[New publication] Many hands in the black box: Artificial intelligence and the responsibility of international organisationsPublished 27 July 2023
In a new book chapter, researcher Magda Pacholska (Asser Institute) analyses the possible legal reverberations of the rapidly growing interest in AI-enabled technologies by international organisations within the military and security domains.
In the past decade, there has been a growing number of international organisations that have been using artificial intelligence (AI). These initiatives range from monitoring AI trends to buying AI-enabled solutions. However, there has not been much discussion about the legal implications of these initiatives.
In the new book chapter ‘Many Hands in the Black Box: Artificial Intelligence and the Responsibility of International Organizations’, researcher Magda Pacholska examines the legal implications of AI use by international organisations, using the procurement and deployment of AI surveillance technologies by NATO and FRONTEX as case studies.
The author focuses on AI-enabled technologies that could lead to legal liability for international organisations. The Articles on the Responsibility of International Organizations (ARIO), which were adopted by the International Law Commission in 2011, define when an international organisation can be held responsible for its actions.
According to ARIO, international organisations (IO) are primarily responsible for the actions of its agents or organs. When AI is involved, however, it can be difficult to know who is responsible if something goes wrong. This so- called ‘black box dilemma’ happens because AI systems are often complex and opaque, making it difficult to understand how they make decisions and how they could cause harm.
The ‘problem of many hands’
Pacholska argues that this problem is even more difficult when it comes to international organisations that use AI-enabled technologies. This problem is known as the ‘problem of many hands’. As IOs often consist of many different people, agents and organs, all of whom may have a role in the development and use of AI systems, this makes it even harder to know who is responsible for any harm that is caused with AI-enabled technologies.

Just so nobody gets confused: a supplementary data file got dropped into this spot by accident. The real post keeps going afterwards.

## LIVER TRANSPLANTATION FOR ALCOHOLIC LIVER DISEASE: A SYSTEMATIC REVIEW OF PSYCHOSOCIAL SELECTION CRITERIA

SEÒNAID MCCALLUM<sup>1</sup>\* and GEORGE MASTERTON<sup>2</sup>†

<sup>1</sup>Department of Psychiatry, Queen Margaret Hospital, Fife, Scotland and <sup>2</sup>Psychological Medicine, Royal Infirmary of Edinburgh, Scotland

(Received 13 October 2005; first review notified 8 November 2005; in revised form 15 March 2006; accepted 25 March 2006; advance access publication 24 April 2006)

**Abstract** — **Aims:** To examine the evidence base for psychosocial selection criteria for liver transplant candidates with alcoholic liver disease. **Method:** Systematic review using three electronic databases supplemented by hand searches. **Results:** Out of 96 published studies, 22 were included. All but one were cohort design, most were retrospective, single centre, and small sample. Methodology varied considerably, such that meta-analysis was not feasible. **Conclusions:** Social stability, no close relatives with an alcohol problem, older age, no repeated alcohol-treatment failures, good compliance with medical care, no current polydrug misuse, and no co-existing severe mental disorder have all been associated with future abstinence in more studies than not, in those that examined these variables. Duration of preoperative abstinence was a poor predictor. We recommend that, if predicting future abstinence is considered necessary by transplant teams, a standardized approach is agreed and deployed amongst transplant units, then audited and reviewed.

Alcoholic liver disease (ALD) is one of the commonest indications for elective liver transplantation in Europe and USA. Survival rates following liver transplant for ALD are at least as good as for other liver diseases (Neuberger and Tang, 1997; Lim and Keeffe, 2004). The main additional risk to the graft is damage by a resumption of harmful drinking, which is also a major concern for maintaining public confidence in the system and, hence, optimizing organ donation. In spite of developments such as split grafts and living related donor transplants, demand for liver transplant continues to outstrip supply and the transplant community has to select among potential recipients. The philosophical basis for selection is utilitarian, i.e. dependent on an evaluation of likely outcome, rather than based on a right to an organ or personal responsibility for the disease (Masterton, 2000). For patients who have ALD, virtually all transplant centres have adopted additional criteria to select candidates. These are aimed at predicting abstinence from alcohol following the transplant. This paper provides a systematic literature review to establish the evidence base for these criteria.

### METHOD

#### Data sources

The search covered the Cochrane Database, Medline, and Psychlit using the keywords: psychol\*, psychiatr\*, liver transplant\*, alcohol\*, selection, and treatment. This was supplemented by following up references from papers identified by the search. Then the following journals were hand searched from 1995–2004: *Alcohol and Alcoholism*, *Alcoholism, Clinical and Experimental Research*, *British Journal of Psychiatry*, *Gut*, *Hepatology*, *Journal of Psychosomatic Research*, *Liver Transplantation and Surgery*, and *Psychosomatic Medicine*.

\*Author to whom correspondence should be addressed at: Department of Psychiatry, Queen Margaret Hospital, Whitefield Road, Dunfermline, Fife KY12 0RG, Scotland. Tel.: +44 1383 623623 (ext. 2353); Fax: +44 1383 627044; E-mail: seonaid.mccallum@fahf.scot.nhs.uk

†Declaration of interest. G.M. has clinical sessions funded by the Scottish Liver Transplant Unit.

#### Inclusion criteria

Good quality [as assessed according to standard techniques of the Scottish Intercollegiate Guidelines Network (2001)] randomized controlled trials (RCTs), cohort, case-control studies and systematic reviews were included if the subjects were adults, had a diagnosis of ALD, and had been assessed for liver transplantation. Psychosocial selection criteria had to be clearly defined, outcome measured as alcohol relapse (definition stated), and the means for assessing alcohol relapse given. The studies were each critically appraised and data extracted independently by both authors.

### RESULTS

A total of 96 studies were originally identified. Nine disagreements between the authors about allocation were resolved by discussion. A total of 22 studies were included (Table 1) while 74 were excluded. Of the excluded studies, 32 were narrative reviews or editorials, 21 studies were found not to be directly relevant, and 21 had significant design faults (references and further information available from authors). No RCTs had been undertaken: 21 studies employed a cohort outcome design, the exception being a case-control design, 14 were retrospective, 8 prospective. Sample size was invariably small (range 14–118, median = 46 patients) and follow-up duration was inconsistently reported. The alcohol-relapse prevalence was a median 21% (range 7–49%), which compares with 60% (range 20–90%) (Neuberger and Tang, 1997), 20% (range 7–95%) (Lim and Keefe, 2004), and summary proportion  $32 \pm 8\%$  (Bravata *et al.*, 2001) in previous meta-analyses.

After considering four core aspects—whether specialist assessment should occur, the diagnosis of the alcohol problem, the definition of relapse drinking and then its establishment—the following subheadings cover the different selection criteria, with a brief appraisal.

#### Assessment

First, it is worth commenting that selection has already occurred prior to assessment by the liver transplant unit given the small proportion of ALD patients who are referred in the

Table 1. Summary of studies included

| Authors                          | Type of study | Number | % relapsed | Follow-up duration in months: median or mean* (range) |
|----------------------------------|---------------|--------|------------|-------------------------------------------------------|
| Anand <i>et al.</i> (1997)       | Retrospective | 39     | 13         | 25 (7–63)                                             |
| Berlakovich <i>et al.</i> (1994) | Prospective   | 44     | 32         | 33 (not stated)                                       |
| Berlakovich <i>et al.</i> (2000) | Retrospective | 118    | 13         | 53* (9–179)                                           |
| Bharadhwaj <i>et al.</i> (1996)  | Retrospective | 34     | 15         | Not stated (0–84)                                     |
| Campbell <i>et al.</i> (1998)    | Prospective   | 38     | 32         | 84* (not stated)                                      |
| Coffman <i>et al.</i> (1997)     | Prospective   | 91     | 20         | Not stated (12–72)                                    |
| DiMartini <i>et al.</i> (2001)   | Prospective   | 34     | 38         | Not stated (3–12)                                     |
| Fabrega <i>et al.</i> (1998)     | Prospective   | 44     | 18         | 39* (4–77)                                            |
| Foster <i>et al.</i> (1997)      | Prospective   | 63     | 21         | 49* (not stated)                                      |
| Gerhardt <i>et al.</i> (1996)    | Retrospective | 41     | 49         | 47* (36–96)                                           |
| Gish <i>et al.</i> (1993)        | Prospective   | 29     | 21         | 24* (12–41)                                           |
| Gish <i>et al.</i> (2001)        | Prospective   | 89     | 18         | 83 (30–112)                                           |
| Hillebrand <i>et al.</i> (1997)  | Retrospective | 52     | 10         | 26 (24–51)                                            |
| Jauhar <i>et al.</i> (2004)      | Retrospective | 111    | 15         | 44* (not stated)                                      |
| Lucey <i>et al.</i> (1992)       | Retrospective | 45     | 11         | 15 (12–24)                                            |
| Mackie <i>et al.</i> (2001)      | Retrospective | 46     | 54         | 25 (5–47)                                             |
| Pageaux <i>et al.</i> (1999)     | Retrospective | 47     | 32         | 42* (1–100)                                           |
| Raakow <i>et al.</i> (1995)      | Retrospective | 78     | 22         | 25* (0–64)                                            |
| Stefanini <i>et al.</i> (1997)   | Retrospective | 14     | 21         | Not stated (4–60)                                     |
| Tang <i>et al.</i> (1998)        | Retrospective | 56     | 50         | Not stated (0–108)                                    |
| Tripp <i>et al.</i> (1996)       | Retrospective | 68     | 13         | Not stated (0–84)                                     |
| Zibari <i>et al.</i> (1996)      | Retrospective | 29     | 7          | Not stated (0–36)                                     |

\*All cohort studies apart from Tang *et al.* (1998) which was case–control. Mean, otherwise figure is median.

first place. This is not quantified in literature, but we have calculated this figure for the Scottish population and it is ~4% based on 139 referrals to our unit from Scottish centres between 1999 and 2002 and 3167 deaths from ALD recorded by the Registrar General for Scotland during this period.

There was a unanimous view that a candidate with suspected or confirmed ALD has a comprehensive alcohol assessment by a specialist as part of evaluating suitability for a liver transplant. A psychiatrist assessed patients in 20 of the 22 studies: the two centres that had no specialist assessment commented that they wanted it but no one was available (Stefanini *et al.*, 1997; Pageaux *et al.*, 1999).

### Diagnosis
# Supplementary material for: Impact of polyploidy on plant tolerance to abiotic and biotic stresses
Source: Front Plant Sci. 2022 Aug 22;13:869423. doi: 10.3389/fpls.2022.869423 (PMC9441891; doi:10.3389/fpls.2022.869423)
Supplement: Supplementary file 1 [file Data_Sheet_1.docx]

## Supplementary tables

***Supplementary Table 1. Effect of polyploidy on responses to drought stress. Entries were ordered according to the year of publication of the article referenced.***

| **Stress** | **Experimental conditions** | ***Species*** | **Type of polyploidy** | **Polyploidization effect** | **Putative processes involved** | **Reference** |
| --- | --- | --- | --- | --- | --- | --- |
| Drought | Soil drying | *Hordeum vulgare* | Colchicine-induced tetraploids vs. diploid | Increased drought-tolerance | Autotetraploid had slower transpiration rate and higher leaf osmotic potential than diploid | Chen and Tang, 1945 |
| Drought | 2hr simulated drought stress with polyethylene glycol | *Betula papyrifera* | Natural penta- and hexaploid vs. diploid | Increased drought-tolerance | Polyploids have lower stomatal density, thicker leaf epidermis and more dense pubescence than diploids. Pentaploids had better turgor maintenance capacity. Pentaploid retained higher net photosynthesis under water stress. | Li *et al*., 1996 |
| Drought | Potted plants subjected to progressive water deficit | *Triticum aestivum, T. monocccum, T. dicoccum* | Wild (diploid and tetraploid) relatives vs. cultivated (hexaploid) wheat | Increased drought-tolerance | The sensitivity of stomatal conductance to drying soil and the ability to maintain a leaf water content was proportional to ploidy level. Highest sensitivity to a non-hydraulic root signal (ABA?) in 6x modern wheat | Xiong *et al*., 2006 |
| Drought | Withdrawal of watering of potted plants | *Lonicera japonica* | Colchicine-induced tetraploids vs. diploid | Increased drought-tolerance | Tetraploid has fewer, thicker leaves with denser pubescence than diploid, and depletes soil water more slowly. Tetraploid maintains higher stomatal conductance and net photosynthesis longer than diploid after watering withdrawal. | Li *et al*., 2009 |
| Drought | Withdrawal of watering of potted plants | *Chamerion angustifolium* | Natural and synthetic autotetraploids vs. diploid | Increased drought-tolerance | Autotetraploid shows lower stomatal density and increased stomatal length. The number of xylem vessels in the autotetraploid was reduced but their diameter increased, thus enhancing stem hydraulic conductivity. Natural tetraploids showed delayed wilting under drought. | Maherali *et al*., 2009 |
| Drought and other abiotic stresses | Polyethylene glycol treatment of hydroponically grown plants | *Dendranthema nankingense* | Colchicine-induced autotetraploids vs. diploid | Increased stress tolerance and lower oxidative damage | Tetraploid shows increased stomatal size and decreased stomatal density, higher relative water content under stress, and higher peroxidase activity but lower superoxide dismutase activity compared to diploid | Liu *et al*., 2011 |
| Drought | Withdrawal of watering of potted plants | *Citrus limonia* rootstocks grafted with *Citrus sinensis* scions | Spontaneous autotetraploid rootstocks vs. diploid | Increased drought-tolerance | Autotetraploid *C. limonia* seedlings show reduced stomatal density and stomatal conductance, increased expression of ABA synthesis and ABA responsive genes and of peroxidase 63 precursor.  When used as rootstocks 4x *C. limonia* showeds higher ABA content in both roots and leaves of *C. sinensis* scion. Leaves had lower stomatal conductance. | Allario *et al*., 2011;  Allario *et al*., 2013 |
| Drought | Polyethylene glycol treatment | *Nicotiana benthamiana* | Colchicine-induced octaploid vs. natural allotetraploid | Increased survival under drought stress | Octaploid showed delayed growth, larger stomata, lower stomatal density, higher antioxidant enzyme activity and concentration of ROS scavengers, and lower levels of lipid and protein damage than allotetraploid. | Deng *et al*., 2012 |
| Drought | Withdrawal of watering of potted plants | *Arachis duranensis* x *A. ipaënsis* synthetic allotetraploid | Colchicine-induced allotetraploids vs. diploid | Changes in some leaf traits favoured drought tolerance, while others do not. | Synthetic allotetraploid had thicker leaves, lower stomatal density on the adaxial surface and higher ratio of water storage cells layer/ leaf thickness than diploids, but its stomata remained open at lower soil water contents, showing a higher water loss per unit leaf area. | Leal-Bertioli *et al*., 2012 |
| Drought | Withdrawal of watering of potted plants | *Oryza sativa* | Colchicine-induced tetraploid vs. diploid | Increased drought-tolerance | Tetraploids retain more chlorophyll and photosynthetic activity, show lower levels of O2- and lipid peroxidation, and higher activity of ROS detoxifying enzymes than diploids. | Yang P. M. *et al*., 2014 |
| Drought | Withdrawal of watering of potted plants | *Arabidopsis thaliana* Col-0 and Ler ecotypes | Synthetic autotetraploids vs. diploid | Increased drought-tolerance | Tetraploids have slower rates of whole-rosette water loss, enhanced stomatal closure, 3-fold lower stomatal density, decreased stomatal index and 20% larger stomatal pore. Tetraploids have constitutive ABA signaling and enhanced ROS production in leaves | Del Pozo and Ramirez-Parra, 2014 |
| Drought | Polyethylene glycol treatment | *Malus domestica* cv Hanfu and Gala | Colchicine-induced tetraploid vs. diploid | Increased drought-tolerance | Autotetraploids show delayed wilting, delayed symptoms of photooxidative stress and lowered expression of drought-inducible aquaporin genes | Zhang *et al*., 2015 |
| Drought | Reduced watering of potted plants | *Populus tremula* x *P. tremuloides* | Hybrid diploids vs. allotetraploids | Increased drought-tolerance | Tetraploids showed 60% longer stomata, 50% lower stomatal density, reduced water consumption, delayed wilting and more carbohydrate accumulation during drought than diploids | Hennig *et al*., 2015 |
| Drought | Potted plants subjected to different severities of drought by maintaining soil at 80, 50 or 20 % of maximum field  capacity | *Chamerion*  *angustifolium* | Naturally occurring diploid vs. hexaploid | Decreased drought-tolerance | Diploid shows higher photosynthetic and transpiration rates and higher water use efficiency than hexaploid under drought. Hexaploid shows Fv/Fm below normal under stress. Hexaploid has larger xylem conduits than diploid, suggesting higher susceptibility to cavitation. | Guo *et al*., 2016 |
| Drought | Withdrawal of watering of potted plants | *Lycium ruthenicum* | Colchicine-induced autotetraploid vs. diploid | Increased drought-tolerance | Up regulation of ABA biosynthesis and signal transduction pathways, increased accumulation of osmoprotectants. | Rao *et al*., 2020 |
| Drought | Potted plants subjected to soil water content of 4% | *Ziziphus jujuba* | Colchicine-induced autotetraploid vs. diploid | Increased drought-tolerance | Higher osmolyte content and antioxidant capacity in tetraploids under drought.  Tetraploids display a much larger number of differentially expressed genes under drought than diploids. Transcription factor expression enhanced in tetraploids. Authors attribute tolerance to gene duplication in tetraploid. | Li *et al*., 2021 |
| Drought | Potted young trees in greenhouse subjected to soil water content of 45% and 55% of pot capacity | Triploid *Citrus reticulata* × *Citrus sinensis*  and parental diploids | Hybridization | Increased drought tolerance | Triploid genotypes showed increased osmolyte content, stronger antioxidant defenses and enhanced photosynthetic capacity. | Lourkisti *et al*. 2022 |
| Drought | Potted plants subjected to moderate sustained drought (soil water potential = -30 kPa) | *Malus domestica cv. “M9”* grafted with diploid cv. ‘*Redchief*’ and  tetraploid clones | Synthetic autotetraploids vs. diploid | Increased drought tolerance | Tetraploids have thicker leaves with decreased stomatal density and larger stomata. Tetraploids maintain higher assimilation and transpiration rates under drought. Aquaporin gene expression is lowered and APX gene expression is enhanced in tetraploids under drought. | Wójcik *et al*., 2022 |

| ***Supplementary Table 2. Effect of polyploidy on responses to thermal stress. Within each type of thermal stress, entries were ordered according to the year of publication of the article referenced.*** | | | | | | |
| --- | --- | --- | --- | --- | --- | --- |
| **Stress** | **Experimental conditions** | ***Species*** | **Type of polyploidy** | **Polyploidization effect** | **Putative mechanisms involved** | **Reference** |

When analysing the responsibility of IOs for harm resulting from the use of AI, Pacholska advances an interpretation of the concept of ‘an agent of the international organisation’ to include items of equipment owned by the organisations. This would mean that if an AI system owned by an international organisation contributes to a wrongful act, the organisation could be held responsible. Such an interpretation, Pacholska argues, would prevent IOs from ‘outsourcing’ their responsibilities. The author points out that this interpretation would allow international organisations to enjoy the benefits of AI technology while also ensuring that they are held accountable for their actions.
Pacholska concludes that, in the near future, IOs are not very likely to use AI-enabled technologies that violate the conduct of hostilities’ rules within international humanitarian law. However, the author warns that some of the AI-enabled surveillance drones that IOs are considering procuring, may raise privacy concerns. According to Pacholska, these drones should be subject to a legal review that takes privacy into account. She supports her argument by citing the 2021 NATO AI Strategy, which sets forth principles for the responsible use of AI, and supposedly customary status of Article 36 of Additional Protocol I to the Geneva Conventions, which in tandem could be read to require IOs to conduct a legal review of new weapons and technologies.
Magda Pacholska, “Many Hands in the Black Box: Artificial Intelligence and the Responsibility of International Organizations, Asser SSRN Research Paper, forthcoming in R. Deplano, R. Collins and A. Berkes (eds.) Reassessing the Articles on the Responsibility of International Organizations: From Theory to Practice (Edward Elgar).
About Magda Pacholska
Dr Magda Pacholska is a Marie Sklodowska-Curie Individual Postdoctoral Fellow working on the project entitled ‘Implementing International Responsibility for AI in Military Practice’ within the DILEMA project on ‘Designing International Law and Ethics into Military Artificial Intelligence’. Pacholska is also the project leader of the EU-funded research project I2 RAMP, which examines how to conceptualise and implement international responsibility for violations of human rights and international humanitarian law resulting from the use of military AI.
Magda is part of the research strand ‘Regulation in the public interest: Disruptive technologies in peace and security’ which addresses regulation to safeguard and promote public interests. It focuses on the development of the international regulatory framework for the military applications of disruptive technologies and the arms race in conventional and non-conventional weapons. The public interest of peace and security serves as the prime conceptual framework in this research strand.
Complicity and the Law of International Organizations: Responsibility for Human Rights and Humanitarian Law Violations in UN Peace Operations, Edward Elgar International Law Series, Magdalena Pacholska (2020).
Military Artificial Intelligence and the Principle of Distinction: A State Responsibility Perspective, Israel Law Review (2022), Magdalena Pacholska
Autonomous Weapons, Forthcoming in: Brożek, B., Kanevskaia, O. & Pałka, P. (eds.), Research Handbook on Law and Technology, Edward Elgar (2023), Magdalena Pacholska